Orders received to take over line that night and that attack would be at 3.40am on 18th i.e. by night instead of by day. This was most unfortunate, as only Company Commanders had been up the line, and the men would have no opportunity of seeing the ground they would have to attack over. The Bn moved off by platoons at 5.30pm to take over the line from the 2nd Seaforths, and occupy Assembly trenches for the attack on the 18th. The night was very dark, and pouring with rain. The relief was a very difficult matter; the roads were terribly blocked by transport and in a frightful condition from the rain. Cross country tracks were impassable. The relief was not completed till about 3am on 18th. 2 platoons whose guides had lost their way did not get into position with their Coys, and only joined up later in the day after the attack …
I think that no rifles of the men who went forward could have been in working order 10 minutes after they left our lines. The ground was terribly torn up by shell fire and as slippery as ice. The men kept on slipping and falling into the holes in the dark. The few who returned were one mass of mud from head to foot and completely exhausted.
Battle of the Ancre
November 13th – 18th 1916
The weather deteriorated further in November with the Battle of the Ancre fought in fog and snow from the same front lines of the failed attack on July 1st. Fifth army was present. The main objective was the elimination of the German salient between the Albert to Bapaume Road and Serre with Beaumont Hamel at its head. Beaumont Hamel was finally captured in the battle.
November 13th 1916, Beaumont Hamel. Death of Lt John Richards, 1st Royal Marine Light Infantry, 63rd (Royal Naval) Division, VIII Corps. Killed in action, age 29. He was a solicitor, born in Radcliffe and son of the deputy town clerk of Nottingham. The battalion moved from HQ at Engelbelmer, November 8th to the trenches. The 63rd division reached the outskirts of Beaucourt on the 13th and secured it on the 14th – a notable achievement. Ray Westlake describes the positions of the Royal Naval Division in the build up to and during the conflict as follows:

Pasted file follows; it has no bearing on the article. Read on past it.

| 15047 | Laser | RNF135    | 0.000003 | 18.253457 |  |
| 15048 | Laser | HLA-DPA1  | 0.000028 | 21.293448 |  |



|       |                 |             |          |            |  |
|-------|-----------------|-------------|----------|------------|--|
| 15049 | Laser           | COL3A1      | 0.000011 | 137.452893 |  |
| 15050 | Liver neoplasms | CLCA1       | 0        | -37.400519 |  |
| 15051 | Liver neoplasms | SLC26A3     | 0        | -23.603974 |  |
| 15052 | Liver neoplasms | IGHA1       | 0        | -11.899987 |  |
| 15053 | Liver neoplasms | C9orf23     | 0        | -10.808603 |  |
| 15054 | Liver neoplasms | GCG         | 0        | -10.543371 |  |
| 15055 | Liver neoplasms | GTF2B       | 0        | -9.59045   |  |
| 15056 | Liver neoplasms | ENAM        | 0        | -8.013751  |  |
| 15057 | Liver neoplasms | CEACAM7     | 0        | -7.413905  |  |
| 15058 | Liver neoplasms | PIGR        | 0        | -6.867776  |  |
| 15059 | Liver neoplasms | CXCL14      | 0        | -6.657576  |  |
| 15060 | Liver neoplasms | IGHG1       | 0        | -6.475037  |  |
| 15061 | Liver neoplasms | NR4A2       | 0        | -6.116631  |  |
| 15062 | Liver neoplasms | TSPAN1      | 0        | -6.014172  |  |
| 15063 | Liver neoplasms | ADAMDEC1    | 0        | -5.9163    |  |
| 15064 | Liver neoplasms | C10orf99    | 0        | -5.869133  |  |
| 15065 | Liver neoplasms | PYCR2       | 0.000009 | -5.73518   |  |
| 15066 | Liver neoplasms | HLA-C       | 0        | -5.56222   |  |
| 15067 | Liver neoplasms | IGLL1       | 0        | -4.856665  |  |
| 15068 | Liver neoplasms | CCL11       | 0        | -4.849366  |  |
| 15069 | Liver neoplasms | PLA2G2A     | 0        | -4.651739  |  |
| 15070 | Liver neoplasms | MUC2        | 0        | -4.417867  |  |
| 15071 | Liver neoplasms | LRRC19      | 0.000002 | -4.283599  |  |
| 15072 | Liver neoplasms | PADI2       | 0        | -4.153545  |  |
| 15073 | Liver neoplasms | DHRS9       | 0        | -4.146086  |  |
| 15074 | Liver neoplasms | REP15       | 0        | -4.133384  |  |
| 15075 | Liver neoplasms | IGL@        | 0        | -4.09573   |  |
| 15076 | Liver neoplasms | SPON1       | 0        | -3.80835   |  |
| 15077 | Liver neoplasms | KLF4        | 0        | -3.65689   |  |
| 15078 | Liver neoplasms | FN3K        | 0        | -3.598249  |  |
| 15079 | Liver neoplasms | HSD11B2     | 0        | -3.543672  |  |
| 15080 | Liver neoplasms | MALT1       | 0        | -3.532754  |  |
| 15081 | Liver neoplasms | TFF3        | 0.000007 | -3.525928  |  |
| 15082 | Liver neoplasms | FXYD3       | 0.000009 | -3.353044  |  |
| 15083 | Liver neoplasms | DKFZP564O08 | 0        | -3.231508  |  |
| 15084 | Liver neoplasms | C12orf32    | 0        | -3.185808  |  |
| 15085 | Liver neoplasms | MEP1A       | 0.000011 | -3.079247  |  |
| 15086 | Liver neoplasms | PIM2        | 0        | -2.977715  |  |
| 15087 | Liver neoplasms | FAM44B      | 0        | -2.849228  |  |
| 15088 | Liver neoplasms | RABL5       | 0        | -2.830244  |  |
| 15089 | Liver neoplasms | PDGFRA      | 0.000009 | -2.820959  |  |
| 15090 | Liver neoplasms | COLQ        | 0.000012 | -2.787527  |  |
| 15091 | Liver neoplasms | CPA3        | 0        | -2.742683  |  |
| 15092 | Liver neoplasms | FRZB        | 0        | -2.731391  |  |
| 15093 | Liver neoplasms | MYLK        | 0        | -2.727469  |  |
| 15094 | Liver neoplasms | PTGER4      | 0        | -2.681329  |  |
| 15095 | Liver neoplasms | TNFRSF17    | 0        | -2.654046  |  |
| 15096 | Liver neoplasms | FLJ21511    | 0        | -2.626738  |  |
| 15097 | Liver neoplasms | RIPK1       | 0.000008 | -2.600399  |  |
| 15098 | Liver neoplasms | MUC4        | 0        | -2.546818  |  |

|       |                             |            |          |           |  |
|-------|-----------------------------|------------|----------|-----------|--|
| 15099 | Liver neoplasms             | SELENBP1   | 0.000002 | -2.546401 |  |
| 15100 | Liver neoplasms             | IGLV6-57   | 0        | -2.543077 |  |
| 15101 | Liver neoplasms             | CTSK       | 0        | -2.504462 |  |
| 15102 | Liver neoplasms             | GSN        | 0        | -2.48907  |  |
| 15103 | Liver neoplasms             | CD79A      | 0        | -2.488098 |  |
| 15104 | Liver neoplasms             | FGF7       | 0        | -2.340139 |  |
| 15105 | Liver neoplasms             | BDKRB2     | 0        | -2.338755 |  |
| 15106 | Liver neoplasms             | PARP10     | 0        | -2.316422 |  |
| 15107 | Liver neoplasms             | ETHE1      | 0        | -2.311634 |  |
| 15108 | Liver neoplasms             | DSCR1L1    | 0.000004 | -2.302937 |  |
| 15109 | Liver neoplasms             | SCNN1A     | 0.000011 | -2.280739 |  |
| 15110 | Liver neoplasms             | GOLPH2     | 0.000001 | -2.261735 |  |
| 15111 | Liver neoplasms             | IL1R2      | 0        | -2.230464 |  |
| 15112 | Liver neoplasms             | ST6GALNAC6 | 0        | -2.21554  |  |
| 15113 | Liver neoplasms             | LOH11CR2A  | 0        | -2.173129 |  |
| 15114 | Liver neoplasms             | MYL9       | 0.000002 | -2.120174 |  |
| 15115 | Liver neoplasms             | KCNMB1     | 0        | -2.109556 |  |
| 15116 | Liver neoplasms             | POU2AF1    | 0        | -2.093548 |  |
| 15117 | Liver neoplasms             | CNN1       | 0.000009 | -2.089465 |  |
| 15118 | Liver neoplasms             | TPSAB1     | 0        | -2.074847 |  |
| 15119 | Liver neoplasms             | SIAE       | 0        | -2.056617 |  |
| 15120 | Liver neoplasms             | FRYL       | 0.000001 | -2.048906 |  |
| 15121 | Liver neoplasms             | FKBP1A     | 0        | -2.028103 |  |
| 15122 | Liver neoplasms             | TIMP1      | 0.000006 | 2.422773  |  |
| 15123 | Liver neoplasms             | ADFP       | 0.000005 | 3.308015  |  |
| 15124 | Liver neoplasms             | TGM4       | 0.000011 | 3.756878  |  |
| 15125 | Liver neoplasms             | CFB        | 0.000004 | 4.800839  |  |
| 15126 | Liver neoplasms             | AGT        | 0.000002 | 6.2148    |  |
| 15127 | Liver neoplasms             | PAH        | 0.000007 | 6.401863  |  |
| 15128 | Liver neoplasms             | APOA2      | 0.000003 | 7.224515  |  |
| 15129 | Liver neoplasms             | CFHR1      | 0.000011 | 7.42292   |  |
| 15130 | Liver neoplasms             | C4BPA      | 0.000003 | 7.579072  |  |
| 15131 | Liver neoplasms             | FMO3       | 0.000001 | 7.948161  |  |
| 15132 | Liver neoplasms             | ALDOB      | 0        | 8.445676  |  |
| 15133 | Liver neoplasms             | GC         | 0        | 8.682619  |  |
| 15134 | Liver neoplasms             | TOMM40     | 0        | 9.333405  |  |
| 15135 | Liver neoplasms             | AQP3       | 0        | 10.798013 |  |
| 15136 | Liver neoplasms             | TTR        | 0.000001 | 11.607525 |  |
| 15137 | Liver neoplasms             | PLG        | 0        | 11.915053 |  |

63rd Royal Naval Division to Engelbelmer (25/10). Front line (28/10), Engelbelmer (30/10), Varennes (31/10), Puchevillers (5/11), front line (7/11), Engelbelmer (8/11), Varennes (9/11), front line (10/11). Attack on Beaucourt (13/11) – on left of 188th Brigade’s assault – heavy casualties (including all 4 company commanders) soon after leaving start positions – small parties only fighting through to German third line. Relieved and via Hédauville to Puchevillers (15/11). War Diary notes ‘advanced 490 strong, returned 138 – casualties 352.’(Excerpt From: Westlake, Ray. “Tracing British Battalions on The Somme.” Pen & Sword, 2011. iBooks.)
Andrew Rawson (2016, p. 209) is more specific about the fate of the Royal Marines that day:
The 1st and 2nd Royal Marines and the Howe and Anson battalions were pinned down in no man’s land and only a few reached Station Road. The Hawke and Nelson battalions took heavy casualties but the Hood and the Drake battalions captured the front trenches. Source: Rawson, Andrew (2016) Ancestor’s Footsteps. The Somme 1916 (Barnsley: Pen and Sword).
The Battle of the Somme ended on 18th November with enormous cost and only a few miles gained. Over the months of the battle, the Allies had learnt tactics and strategies which assisted them as the war continued.